So it is better if they could work for $4.4 an hour, right?
I honestly don't understand why UberEats is a bad.
For example there are people who don't have to pay for an apartment and they can agree to work for $500/month and people who have to rent won't be able to compete with them.
He lays out two ways people can work in delivery. One pays significantly less for starting out, but doesn't require you to work specific shifts. The other lets you work whenever you want, but you are very much subject to what demand comes in. You have a lot more consistency when you don't have control over your schedule.
If it wasn't for minimum wages, companies would make deals to pay workers lower and lower and there would be nowhere to work for a decent salary.
You outlaw collusion to lower wages and let the market work.
For many creatives, they literally had to abandon capitalism and go back to the feudal patronage model with Patreon and kickstarter. The market priced even skilled labor down to effectively zero, since there was just so much produced.
It's what sprung to mind when you mentioned organ sales, and it dives in a bit more to multiple sides of the issue.
Interesting read/listen for those of you haven't yet.
Yes, it's a bit of a complicated issue---but it's not just "obviously a bad idea and no one ever should ever even contemplate it".
EDIT: See http://slatestarcodex.com/2013/08/25/fake-consensualism/ for some more background.
I don't want to live in a country where slavery is required for people to barely survive. I'd like to be on the right side of history. And if part of the tech industry has to be gutted or burned down, so be it.
'moralising' is actually a pretty good answer. When it comes to certain actions like organ donations, we're utterly terrified of the idea that someone will feel like they 'have' to do it. Getting a million dollars, even though it would have an amazing impact on your life, is bad because you'd feel pressure toward doing it. Getting a small payment would also be bad because you're being taken advantage of. But you can do it for free if you so desire!
"I think part of the reason is we worry that there could be at lack of judgment there, perhaps. Someone under that unattractive choice. It's related to Mike Munger's concept of euvoluntary. It's a person who is clearly under duress no matter what: even if they enter into it freely, it's such an unattractive option, to call it a free choice seems somehow perverse in itself."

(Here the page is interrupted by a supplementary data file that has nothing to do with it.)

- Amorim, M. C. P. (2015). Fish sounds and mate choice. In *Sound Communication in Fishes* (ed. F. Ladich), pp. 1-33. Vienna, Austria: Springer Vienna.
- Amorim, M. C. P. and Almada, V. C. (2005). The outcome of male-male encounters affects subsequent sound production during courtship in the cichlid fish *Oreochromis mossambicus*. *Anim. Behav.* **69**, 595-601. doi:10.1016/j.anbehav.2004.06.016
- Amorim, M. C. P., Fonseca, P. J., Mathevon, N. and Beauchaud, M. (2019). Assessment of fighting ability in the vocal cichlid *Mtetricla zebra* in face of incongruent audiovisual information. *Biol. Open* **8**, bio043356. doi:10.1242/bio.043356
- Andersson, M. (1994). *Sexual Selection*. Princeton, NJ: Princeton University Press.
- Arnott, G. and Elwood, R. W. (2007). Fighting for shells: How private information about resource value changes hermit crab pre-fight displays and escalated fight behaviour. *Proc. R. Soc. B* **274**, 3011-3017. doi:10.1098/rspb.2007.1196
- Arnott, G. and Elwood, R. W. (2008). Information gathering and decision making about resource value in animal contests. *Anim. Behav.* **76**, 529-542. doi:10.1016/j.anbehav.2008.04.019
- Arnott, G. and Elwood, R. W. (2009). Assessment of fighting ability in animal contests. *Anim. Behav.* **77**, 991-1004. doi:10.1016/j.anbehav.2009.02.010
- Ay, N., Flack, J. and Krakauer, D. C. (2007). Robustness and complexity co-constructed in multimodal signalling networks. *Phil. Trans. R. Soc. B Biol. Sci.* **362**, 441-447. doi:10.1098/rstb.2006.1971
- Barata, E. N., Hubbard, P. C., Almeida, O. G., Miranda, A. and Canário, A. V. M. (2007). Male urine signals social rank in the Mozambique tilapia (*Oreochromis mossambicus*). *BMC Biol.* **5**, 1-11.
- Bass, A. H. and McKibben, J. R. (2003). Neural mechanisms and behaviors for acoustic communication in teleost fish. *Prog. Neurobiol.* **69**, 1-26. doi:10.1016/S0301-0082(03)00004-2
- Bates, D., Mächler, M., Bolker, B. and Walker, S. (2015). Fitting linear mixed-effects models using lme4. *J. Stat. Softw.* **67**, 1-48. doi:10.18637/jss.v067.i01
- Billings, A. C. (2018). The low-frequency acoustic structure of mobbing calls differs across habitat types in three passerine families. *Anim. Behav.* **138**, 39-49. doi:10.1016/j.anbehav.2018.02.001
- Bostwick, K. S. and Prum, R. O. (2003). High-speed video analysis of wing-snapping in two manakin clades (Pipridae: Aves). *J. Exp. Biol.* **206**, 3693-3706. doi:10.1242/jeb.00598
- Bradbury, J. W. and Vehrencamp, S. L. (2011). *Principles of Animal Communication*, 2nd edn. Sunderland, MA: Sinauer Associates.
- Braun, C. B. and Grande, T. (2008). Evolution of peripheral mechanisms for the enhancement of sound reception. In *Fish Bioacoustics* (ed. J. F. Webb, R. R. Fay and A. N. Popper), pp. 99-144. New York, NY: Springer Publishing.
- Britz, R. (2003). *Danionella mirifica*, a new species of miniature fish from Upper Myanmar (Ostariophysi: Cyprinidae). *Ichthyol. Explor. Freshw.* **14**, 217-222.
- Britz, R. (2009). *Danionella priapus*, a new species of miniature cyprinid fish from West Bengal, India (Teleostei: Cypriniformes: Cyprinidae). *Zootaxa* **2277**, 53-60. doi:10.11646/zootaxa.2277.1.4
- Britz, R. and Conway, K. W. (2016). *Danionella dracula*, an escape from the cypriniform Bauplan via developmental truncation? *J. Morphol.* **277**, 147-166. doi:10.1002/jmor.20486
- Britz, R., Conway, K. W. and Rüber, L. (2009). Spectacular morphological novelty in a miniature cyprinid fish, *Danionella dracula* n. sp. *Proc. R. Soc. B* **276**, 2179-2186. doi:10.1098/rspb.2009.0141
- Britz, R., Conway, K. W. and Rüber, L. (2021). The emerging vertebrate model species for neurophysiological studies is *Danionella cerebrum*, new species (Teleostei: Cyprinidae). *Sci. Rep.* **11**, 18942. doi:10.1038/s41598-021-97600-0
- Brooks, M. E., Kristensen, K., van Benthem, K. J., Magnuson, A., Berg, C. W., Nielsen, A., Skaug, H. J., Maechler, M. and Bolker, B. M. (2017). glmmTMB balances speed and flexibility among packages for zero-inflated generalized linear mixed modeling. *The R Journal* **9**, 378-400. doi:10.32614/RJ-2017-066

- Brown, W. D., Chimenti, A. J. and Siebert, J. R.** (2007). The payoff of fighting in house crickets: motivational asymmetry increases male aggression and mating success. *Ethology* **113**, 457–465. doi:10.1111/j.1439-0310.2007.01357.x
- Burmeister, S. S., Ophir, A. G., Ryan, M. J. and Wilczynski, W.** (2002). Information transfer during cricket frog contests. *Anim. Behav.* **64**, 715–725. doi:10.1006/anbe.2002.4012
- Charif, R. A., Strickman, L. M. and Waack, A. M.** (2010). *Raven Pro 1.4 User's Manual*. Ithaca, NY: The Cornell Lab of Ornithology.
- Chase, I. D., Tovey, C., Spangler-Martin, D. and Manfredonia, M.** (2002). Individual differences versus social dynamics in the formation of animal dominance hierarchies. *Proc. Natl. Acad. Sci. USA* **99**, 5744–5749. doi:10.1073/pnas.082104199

They describe setting up a consensual "kidney club". The idea being that if you're in the club and need a kidney, one member of the club is chosen at random and compelled to give you a kidney, but likewise if you have kidney failure and would otherwise die you get a kidney from a random member.
This sidesteps the usual concerns about implementing a marketplace for organs. I.e. even if you're a billionaire the only way to insure yourself against kidney failure is to enter the pool of potentially mandatory donors, and you can of course stay outside the "kidney club" and not have to donate to anyone, but then you also die if you have kidney failure.
Katz points out that the reason this doesn't work is that current law can't compel you to donate your organs, even if you've previously signed a contract to that effect, but that this creates a market failure & tragedy of the commons.
Implementing a system like this seems like a no-brainer and a benefit for everyone involved, but it's blocked by current contract law & the inability to force people to undergo medical procedures they consented to in the past.
In many countries the "minimun wage" you like so much is less than $4.4/hour. Why do you think it is this way?
Minimum wage isn't a matter of having a certain amount of money. It's being able to live with dignity.
Compare what rent or a house costs and food basics you'll see that to a worker quality of life depends on the minimum wage but mostly on the cost of living.
So, we evolved out (in economic and civilization sense) of slavery, as we evolved out of unreasonable minimum wages, with the help of governments (enough people saying: no). In a complex system such as a modern western economy, one can has these cracks (work for an hour to buy a loaf of bread and milk), which is very close to slaving, and because these economies are modern in other aspects, they can buffer than. But, the road is still downhill.
The government that doesn't care about it's people, will self destruct eventually. No matter the form. It's a historical fact.
In this very narrow case of Uber, Uber will self destruct eventually, as they subsidize prices to ensure growth. Once they stop doing that, then they are just another Taxi company with an app. And most of the Taxi companies already have apps. So it will be down to the drivers (who in the case of Uber will be paid even less).
The above hypothesis will be tested fairly soon, as Uber is having their IPO this year in fact.
Uber is consensual.
Low wage + no benefits + pay employers share of the taxes + no room to complain
> “Hello Erik! Today you are guaranteed 300 SEK per hour in “generated amount” when you deliver with Uber Eats during 11:00 am – 1:00 pm & 5:30 pm – 8:30 pm. Hope to see you online!”.